This is the closest moment to when we shall meet again – this is only arrivederci.

More photos and media on my Sicilian vacation can be viewed on my Facebook profile, Twitter and Instagram feed, and on the Casa Mia Italy Food & Wine blog.

Aug 6, 2015

Recipe for "Focaccia Pugliese"

There are some dishes that improve overnight.

Focaccia Pugliese – a summer spongy, feather light and tasty baked specialty from the region of Puglia (Apulia) in southern Italy – is one of such dishes. Baked fresh, this particular focaccia is fantastic, but the day after... it's even better!

Round, fluffy with it's typically crisp edges and caramelized topping, Focaccia Pugliese (also known as "ruota di focaccia barese") is quintessential street food and the perfect picnic item. When I make it for my son, we always try to leave some for the next day and pack the leftovers in the beach bag for post-swimming munchies.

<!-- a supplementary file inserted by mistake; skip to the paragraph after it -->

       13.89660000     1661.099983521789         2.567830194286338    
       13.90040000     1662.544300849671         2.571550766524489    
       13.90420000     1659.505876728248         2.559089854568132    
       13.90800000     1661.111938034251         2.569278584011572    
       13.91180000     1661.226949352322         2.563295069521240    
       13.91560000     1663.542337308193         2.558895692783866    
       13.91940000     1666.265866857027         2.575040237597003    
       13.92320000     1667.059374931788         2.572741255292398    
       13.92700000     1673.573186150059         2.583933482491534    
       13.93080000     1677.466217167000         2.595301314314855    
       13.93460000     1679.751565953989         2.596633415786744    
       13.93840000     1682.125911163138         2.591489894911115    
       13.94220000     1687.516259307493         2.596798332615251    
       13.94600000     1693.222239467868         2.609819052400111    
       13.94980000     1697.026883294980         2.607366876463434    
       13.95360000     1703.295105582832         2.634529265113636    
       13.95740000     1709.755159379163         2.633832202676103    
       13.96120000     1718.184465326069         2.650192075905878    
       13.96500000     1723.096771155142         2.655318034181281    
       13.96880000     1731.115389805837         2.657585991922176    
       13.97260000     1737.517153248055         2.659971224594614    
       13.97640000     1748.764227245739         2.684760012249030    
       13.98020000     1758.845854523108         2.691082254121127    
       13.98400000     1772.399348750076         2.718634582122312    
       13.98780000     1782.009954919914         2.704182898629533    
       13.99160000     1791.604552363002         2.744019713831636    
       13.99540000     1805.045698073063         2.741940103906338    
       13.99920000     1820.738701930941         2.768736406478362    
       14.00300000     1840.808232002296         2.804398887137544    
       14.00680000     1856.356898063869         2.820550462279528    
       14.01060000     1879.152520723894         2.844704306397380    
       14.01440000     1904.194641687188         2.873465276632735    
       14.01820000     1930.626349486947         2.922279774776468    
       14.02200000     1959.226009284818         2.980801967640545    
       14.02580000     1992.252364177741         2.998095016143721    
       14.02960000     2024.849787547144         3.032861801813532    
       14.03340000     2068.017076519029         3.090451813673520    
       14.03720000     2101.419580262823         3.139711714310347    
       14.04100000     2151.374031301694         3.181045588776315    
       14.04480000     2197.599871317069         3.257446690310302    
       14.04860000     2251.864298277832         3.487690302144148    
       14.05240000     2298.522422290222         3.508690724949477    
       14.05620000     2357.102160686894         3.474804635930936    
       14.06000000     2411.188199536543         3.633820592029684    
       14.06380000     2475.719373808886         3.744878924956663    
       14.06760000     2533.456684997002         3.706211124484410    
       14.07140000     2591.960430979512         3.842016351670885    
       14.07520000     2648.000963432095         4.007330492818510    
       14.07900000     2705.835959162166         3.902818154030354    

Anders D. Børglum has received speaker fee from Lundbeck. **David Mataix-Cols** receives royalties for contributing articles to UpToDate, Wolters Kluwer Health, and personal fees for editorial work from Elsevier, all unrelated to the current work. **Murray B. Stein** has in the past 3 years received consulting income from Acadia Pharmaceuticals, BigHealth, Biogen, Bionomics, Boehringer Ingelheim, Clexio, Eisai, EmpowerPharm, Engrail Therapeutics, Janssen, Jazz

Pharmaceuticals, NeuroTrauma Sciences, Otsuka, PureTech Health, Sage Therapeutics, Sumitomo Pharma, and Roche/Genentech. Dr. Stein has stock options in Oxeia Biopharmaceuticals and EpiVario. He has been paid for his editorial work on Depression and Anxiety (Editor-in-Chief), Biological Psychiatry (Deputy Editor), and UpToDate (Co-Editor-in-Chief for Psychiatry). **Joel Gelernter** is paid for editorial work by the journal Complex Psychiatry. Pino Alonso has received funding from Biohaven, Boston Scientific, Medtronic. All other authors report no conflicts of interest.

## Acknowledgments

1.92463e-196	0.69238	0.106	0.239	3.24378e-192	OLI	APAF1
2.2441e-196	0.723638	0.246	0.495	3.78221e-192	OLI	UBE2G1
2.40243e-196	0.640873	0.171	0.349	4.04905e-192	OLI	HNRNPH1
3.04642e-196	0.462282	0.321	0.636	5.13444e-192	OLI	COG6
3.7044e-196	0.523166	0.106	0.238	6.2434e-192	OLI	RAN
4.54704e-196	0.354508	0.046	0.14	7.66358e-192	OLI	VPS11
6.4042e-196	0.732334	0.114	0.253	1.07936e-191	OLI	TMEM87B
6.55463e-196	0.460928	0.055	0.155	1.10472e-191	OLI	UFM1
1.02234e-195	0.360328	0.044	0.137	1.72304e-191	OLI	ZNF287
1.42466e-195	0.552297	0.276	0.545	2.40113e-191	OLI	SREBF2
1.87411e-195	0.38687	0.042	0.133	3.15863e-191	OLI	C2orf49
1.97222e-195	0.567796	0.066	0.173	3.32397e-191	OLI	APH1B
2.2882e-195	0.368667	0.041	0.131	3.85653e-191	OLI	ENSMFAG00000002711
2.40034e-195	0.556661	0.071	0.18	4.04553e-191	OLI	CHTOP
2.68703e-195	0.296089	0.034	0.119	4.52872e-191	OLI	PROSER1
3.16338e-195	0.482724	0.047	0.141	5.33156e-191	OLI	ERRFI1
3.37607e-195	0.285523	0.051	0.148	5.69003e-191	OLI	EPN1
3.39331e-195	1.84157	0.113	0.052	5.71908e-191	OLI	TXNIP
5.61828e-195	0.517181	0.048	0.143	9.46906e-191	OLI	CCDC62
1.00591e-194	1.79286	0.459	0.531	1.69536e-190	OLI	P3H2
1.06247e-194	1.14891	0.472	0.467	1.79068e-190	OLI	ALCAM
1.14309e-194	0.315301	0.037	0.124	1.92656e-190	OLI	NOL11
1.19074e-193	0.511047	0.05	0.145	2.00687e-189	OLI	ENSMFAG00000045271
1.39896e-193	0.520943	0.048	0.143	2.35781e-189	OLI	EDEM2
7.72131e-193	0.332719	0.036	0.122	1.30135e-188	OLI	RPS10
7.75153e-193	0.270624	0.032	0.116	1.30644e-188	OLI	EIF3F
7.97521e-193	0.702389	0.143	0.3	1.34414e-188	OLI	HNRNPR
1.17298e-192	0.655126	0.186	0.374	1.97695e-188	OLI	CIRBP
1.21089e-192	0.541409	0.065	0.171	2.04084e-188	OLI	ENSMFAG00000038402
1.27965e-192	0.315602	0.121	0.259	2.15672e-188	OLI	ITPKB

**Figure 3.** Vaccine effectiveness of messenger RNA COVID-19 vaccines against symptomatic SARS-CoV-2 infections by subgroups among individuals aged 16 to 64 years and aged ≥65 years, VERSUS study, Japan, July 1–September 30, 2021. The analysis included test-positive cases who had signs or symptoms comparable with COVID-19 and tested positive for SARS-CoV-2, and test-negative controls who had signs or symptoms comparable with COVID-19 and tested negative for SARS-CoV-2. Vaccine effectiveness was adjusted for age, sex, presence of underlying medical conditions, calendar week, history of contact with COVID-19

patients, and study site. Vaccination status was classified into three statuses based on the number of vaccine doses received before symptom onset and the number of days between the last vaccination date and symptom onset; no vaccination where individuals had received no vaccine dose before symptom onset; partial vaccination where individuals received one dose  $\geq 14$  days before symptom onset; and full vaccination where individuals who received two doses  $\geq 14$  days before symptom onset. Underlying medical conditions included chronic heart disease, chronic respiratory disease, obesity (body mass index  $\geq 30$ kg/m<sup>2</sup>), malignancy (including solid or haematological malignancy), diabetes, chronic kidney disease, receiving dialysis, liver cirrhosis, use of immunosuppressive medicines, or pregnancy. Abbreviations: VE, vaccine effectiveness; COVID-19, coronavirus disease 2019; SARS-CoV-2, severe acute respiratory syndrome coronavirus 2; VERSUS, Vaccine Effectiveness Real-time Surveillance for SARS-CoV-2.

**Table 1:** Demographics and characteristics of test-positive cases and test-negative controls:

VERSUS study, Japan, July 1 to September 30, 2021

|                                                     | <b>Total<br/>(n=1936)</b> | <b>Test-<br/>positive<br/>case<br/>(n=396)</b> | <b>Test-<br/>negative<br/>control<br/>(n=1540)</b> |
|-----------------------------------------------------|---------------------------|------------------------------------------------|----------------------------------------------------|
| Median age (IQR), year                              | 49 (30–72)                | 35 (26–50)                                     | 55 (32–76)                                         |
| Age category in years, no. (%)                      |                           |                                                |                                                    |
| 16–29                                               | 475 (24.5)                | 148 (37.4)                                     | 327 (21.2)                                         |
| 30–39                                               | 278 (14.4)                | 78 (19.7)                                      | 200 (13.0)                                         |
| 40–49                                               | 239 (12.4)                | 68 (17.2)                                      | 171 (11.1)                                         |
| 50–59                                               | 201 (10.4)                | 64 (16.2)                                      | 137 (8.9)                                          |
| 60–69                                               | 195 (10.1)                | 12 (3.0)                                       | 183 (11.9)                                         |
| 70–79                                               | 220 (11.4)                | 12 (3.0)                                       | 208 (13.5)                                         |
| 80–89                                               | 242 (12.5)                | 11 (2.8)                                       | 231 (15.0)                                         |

Focaccia Pugliese's secret is in the dough, which includes boiled potatoes. This gives it a unique soft, springy texture and a beautiful aroma.

500 g (2 cups) 00-type flour
2 large potatoes, boiled and peeled
25 g (<1 oz) brewer's yeast
1 tsp sea salt, plus more to taste
250 ml (1 cup) lukewarm water
10 cherry tomatoes, halved
10 black olives, pitted
1 tbsp dried oregano
Extra virgin olive oil

Let the boiled potatoes cool before peeling, and set them aside.
Place flour in a large mixing bowl, and using a ricer, add the potatoes.

Dissolve brewer's yeast in the lukewarm water and add that to the mix as well. Fold in a small pinch of sea salt and begin kneading to obtain a sticky, firm ball.